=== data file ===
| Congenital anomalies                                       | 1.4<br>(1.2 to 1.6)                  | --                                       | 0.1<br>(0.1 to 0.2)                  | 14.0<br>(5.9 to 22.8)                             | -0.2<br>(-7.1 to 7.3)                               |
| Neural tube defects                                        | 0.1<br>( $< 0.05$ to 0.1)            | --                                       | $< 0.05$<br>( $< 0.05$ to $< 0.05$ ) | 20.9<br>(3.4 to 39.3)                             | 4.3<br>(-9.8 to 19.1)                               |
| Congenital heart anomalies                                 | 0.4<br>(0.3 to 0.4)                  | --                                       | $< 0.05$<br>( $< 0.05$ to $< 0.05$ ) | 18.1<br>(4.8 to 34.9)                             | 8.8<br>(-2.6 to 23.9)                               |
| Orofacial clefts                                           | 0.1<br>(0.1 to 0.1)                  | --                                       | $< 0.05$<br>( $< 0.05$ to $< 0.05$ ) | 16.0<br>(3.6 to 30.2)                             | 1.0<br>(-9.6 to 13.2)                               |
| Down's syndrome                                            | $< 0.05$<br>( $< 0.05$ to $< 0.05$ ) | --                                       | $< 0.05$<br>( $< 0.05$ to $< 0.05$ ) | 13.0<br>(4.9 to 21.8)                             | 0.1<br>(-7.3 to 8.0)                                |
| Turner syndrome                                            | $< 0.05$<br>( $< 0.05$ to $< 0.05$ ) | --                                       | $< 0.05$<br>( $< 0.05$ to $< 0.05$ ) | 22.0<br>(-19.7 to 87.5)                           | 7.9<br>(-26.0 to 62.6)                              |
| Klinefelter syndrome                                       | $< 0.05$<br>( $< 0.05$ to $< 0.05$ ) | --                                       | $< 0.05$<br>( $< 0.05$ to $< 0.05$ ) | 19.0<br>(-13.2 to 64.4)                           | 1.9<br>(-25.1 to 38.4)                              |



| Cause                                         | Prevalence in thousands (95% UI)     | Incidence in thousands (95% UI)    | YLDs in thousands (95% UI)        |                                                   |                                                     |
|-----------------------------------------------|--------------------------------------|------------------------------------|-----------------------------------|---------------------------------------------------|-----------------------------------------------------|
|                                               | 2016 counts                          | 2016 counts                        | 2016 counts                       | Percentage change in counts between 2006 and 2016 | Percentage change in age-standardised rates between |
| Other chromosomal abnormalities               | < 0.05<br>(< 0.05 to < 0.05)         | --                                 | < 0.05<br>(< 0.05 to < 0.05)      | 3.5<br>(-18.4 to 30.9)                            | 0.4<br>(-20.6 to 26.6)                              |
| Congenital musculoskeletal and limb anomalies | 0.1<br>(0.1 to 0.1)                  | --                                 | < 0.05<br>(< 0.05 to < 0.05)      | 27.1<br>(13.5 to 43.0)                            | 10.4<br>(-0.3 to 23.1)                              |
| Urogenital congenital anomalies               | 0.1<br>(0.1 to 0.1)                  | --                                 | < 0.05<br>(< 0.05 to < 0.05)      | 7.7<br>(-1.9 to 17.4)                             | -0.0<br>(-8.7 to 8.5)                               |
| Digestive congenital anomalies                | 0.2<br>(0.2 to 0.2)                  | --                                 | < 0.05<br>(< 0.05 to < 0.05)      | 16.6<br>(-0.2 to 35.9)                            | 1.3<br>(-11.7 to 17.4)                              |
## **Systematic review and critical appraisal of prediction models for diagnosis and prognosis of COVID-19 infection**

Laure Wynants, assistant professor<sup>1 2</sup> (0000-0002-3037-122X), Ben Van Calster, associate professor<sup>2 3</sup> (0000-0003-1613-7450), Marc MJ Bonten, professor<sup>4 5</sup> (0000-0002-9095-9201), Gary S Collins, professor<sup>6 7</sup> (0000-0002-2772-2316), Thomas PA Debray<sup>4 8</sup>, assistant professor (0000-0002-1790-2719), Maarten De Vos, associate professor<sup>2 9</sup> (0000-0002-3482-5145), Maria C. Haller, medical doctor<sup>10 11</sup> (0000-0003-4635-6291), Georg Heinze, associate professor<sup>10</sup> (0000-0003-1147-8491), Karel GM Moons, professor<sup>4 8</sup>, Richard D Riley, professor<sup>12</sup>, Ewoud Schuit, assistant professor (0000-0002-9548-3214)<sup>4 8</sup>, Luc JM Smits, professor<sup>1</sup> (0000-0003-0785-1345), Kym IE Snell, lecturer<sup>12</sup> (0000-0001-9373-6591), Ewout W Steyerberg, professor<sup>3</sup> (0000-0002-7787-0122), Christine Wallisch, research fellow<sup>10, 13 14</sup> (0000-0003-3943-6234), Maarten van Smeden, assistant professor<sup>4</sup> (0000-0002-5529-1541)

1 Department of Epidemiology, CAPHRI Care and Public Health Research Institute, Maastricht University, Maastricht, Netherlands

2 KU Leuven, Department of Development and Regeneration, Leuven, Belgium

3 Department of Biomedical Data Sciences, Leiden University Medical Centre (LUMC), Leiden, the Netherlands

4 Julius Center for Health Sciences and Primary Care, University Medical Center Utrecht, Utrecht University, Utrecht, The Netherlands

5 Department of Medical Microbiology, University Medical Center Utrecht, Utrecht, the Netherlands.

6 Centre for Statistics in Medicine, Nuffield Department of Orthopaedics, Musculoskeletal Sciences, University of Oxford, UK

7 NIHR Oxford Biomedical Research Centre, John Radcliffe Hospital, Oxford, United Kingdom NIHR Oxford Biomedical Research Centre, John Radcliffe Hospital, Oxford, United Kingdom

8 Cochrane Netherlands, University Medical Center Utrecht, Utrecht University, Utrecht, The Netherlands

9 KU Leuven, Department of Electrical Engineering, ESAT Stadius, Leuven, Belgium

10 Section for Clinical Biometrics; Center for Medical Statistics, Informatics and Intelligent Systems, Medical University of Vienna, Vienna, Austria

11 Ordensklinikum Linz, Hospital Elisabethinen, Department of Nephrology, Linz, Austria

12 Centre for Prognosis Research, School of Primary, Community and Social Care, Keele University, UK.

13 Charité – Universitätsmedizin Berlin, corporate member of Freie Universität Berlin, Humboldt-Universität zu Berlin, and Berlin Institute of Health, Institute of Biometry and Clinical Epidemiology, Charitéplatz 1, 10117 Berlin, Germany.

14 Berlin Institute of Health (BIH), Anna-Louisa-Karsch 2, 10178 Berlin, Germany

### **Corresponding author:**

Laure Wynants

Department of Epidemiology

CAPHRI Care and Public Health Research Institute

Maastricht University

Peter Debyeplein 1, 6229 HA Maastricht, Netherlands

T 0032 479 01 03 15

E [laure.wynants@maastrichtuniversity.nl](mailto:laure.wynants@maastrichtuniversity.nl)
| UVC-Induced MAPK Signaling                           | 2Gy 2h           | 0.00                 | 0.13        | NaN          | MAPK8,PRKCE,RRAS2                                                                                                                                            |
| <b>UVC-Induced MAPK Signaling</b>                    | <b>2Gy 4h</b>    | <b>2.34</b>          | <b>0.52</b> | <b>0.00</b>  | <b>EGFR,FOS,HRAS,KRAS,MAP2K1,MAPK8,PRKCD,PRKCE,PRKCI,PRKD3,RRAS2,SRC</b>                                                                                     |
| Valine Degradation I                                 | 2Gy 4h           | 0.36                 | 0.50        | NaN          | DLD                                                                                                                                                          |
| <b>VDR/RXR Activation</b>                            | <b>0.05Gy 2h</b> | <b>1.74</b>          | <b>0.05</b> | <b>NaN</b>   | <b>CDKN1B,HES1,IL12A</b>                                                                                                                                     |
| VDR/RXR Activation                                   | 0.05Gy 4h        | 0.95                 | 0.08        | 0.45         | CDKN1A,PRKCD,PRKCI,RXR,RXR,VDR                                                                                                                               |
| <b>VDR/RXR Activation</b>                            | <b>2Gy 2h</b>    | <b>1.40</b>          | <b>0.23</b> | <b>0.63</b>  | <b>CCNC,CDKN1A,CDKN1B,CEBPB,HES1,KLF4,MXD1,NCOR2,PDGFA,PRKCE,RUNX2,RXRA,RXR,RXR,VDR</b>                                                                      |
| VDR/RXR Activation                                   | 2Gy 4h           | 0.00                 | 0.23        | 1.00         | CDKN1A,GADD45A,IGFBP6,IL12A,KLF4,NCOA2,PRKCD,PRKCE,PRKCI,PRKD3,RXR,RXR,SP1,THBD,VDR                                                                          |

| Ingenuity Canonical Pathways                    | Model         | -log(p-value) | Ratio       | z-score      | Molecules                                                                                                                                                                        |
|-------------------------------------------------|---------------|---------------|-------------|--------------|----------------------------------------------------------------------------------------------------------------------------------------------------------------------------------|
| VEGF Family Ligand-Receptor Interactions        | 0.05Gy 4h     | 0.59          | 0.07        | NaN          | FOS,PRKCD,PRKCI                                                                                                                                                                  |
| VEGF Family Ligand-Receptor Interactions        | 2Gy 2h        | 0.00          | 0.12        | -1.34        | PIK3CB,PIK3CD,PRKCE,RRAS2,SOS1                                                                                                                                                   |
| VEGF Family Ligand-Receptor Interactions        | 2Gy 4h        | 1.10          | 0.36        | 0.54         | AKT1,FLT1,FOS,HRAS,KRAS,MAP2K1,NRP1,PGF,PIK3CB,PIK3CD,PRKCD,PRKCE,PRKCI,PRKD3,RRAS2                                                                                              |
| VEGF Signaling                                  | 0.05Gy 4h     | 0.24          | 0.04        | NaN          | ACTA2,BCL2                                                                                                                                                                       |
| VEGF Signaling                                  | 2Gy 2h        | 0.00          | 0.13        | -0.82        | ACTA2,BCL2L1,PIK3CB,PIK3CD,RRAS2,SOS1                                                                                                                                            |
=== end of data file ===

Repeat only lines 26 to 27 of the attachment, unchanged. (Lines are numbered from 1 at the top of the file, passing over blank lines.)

10 Section for Clinical Biometrics; Center for Medical Statistics, Informatics and Intelligent Systems, Medical University of Vienna, Vienna, Austria

11 Ordensklinikum Linz, Hospital Elisabethinen, Department of Nephrology, Linz, Austria